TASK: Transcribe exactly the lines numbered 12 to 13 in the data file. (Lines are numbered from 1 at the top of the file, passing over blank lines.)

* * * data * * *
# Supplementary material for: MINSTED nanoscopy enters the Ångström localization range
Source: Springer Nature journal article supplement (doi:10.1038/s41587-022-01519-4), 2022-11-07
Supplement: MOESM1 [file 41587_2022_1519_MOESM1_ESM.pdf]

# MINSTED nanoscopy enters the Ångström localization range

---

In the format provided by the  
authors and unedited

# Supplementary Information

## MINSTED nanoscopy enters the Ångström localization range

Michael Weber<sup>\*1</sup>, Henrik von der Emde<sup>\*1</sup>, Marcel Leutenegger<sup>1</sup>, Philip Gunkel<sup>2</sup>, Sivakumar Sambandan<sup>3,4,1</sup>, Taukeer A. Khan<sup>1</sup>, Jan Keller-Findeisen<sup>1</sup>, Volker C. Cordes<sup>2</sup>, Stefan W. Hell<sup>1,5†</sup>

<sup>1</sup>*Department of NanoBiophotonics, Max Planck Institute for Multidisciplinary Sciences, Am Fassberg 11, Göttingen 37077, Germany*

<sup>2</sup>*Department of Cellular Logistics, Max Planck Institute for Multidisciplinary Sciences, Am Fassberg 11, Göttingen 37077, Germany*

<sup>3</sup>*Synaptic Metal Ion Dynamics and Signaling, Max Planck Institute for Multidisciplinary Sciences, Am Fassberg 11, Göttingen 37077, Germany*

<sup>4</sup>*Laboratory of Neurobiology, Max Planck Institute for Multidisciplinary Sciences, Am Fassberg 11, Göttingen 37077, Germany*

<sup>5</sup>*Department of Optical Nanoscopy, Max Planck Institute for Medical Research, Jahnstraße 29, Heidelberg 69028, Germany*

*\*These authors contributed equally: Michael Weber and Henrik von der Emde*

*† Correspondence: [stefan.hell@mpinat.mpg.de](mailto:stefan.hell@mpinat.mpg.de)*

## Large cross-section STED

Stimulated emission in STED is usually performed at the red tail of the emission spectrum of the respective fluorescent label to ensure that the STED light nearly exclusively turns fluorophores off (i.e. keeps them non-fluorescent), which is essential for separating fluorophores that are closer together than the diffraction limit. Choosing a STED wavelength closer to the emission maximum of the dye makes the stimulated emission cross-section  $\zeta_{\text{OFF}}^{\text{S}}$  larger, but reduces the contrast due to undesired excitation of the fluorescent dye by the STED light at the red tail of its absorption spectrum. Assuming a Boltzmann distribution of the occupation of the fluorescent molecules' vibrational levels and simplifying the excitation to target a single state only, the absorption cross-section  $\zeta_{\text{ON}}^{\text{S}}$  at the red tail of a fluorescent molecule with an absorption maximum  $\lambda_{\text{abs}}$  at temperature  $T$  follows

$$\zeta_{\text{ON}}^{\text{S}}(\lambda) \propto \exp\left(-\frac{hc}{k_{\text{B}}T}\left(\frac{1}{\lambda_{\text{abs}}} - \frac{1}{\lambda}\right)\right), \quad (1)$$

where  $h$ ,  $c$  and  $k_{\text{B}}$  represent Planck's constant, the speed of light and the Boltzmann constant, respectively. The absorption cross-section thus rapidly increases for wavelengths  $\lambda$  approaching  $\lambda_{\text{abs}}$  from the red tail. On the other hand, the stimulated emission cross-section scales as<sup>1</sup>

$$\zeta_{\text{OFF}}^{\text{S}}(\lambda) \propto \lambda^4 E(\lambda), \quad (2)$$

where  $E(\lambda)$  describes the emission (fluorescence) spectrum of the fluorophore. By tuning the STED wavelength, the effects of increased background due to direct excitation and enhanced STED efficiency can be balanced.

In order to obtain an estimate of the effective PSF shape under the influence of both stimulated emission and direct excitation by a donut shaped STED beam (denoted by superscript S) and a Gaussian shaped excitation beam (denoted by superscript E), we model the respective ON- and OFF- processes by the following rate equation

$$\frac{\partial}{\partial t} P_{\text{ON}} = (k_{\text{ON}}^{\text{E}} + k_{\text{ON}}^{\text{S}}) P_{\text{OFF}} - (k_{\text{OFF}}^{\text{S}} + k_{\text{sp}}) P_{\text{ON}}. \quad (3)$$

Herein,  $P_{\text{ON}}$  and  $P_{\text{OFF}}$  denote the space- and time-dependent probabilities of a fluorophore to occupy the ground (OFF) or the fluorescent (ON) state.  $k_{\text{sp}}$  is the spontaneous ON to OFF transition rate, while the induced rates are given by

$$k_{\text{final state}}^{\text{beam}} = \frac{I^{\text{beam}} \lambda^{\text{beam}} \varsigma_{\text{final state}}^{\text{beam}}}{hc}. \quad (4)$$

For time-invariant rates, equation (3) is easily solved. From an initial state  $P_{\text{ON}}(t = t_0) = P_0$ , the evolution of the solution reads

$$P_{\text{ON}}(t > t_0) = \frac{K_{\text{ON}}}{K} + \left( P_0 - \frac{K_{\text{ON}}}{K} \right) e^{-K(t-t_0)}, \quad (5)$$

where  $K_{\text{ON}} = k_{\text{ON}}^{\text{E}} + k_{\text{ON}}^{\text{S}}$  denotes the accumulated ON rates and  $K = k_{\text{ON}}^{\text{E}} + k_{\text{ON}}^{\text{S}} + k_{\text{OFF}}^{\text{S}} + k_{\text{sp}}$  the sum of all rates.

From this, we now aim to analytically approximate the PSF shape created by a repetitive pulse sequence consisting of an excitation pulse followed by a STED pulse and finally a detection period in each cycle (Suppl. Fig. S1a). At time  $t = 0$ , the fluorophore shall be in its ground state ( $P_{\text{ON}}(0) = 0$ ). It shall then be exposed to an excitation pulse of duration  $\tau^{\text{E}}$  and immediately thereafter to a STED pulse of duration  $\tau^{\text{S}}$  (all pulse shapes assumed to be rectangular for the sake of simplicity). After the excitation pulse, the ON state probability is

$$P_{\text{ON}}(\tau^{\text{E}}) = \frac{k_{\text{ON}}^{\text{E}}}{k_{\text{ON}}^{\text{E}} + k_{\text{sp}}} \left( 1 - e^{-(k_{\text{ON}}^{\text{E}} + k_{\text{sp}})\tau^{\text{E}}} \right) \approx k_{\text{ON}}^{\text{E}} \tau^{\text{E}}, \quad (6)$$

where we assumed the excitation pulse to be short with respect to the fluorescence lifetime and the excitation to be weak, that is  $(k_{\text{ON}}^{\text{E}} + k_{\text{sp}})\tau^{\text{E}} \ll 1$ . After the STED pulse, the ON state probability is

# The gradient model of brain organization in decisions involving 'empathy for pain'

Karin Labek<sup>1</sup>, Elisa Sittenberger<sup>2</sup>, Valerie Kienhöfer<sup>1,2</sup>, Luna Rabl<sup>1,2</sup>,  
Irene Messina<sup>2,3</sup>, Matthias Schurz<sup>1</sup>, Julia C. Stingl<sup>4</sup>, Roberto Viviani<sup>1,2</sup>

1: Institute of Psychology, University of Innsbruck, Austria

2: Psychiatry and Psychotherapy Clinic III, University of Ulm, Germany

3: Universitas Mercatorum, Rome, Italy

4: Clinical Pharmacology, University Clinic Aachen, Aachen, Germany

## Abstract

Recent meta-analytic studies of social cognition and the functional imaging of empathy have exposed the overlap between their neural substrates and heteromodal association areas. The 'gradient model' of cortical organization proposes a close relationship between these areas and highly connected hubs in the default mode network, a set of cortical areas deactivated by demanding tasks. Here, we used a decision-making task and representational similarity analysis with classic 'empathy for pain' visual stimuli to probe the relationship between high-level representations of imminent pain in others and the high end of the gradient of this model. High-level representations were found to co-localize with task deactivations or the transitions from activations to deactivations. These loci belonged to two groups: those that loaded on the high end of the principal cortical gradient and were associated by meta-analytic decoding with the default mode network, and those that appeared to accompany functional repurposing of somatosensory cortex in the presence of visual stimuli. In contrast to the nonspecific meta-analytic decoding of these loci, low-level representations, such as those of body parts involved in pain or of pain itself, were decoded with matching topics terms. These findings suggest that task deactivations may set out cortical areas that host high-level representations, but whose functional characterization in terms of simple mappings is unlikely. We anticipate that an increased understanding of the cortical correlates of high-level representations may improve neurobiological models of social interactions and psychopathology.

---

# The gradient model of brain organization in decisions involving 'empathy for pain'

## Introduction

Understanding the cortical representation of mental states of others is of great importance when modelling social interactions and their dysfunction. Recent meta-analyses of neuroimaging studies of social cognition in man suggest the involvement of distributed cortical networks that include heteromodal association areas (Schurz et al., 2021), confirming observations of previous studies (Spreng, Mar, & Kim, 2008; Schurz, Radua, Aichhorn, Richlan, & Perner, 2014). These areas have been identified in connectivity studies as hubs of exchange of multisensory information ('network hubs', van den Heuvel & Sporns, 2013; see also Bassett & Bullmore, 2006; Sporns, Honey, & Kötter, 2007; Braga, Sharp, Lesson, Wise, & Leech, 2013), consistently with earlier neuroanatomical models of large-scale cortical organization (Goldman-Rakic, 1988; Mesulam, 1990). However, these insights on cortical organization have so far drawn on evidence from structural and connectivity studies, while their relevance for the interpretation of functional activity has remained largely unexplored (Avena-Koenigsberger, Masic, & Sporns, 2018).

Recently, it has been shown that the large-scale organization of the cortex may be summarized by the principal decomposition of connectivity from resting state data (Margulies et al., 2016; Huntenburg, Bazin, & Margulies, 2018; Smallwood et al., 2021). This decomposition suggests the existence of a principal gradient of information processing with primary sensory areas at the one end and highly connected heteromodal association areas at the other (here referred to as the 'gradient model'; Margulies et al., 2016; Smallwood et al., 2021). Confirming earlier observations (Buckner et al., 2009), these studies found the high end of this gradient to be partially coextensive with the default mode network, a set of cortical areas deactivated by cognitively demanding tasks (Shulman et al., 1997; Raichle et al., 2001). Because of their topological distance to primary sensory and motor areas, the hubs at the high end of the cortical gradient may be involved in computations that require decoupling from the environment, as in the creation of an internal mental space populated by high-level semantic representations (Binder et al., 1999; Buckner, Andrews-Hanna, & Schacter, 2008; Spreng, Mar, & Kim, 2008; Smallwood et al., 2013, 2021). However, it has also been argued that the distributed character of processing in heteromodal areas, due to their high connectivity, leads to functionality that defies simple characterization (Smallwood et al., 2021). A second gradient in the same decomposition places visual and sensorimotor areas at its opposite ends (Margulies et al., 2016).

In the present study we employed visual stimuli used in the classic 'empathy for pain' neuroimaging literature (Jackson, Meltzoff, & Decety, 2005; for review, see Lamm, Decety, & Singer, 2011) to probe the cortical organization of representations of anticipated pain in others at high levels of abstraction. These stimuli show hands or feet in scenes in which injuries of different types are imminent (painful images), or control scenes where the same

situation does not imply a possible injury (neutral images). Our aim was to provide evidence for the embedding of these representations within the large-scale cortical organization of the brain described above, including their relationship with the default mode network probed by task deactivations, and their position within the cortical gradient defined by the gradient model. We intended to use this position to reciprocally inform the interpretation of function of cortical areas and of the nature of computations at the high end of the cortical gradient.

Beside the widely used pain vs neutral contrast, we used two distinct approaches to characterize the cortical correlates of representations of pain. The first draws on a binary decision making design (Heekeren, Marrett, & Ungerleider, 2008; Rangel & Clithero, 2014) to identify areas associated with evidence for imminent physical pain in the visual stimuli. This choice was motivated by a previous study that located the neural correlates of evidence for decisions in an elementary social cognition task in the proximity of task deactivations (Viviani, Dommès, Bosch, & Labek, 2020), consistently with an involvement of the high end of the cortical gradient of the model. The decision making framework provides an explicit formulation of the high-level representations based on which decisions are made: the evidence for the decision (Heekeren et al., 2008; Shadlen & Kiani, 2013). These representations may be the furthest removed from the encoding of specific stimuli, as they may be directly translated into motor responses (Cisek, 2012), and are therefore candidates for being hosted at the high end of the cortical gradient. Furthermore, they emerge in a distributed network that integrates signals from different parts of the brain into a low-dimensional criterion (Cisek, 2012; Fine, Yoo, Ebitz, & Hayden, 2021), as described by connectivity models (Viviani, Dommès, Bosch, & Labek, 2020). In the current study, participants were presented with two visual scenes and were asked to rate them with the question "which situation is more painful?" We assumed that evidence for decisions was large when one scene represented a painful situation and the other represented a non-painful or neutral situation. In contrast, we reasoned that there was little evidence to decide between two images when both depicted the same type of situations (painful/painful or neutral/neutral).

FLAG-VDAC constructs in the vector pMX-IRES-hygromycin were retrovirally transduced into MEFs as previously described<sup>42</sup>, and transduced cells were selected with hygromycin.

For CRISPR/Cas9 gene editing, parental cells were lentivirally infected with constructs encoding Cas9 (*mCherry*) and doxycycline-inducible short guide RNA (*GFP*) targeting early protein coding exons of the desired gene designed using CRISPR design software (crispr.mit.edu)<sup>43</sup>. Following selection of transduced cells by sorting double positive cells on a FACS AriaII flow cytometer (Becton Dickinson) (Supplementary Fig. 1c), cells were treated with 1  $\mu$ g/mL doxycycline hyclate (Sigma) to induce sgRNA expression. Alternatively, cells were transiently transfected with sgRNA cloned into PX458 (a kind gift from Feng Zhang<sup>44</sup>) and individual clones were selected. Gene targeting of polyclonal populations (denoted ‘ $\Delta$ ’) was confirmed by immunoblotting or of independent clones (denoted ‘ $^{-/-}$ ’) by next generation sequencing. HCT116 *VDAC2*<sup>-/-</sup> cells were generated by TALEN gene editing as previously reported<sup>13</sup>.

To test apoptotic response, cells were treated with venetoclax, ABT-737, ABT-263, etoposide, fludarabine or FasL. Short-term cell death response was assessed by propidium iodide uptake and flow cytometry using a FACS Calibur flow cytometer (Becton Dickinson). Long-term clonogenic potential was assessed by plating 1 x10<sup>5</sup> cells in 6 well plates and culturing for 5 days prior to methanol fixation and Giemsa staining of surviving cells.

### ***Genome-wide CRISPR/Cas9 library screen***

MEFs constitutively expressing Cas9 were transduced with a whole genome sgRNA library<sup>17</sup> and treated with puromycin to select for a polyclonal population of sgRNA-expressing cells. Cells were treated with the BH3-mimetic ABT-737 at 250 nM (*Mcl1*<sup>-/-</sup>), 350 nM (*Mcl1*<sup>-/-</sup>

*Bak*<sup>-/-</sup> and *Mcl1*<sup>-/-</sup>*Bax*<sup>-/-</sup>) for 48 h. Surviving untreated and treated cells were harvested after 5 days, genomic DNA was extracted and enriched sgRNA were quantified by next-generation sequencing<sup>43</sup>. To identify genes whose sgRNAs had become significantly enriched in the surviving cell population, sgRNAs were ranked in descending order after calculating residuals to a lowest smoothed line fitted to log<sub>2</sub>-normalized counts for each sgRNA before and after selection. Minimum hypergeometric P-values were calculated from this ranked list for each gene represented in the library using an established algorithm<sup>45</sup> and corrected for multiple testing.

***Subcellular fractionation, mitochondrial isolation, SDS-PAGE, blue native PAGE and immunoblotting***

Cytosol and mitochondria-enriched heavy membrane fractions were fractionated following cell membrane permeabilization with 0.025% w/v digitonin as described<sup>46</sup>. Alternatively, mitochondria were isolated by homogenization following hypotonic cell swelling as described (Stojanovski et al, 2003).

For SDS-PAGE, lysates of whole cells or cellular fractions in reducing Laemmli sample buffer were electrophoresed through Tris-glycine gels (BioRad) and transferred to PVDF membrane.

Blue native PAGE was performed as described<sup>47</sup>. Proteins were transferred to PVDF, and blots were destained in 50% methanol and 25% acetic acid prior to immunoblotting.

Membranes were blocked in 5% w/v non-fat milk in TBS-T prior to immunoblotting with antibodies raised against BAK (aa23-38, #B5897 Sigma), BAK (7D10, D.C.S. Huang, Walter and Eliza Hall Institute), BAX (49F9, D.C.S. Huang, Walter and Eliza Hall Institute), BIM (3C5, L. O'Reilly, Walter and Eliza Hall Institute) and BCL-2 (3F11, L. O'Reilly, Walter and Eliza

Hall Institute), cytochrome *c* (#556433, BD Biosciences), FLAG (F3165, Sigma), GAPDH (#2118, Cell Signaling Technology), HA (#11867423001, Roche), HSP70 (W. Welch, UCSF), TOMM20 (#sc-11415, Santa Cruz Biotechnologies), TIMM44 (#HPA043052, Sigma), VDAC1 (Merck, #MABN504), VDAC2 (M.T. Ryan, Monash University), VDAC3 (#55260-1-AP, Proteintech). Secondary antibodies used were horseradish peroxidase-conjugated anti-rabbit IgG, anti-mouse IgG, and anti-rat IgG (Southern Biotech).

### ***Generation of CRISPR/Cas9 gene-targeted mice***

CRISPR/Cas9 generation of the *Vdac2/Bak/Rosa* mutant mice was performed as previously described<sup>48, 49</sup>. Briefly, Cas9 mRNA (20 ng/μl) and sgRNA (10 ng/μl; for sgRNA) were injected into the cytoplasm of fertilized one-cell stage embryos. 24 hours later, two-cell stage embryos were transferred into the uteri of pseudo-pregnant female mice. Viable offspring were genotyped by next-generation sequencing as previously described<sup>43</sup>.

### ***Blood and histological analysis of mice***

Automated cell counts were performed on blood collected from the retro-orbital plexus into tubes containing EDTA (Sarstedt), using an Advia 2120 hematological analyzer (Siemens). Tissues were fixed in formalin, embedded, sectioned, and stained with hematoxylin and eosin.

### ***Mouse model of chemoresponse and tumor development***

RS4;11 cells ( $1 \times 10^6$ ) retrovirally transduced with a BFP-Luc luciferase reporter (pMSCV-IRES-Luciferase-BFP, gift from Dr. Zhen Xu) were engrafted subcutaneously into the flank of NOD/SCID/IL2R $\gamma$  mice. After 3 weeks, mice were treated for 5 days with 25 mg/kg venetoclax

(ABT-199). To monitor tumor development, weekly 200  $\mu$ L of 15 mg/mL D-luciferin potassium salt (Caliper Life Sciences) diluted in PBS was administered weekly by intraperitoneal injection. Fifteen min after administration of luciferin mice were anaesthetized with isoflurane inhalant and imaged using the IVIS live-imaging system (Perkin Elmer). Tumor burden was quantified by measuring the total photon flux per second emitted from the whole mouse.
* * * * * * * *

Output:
<sup>2</sup>*Department of Cellular Logistics, Max Planck Institute for Multidisciplinary Sciences, Am Fassberg 11, Göttingen 37077, Germany*

<sup>3</sup>*Synaptic Metal Ion Dynamics and Signaling, Max Planck Institute for Multidisciplinary Sciences, Am Fassberg 11, Göttingen 37077, Germany*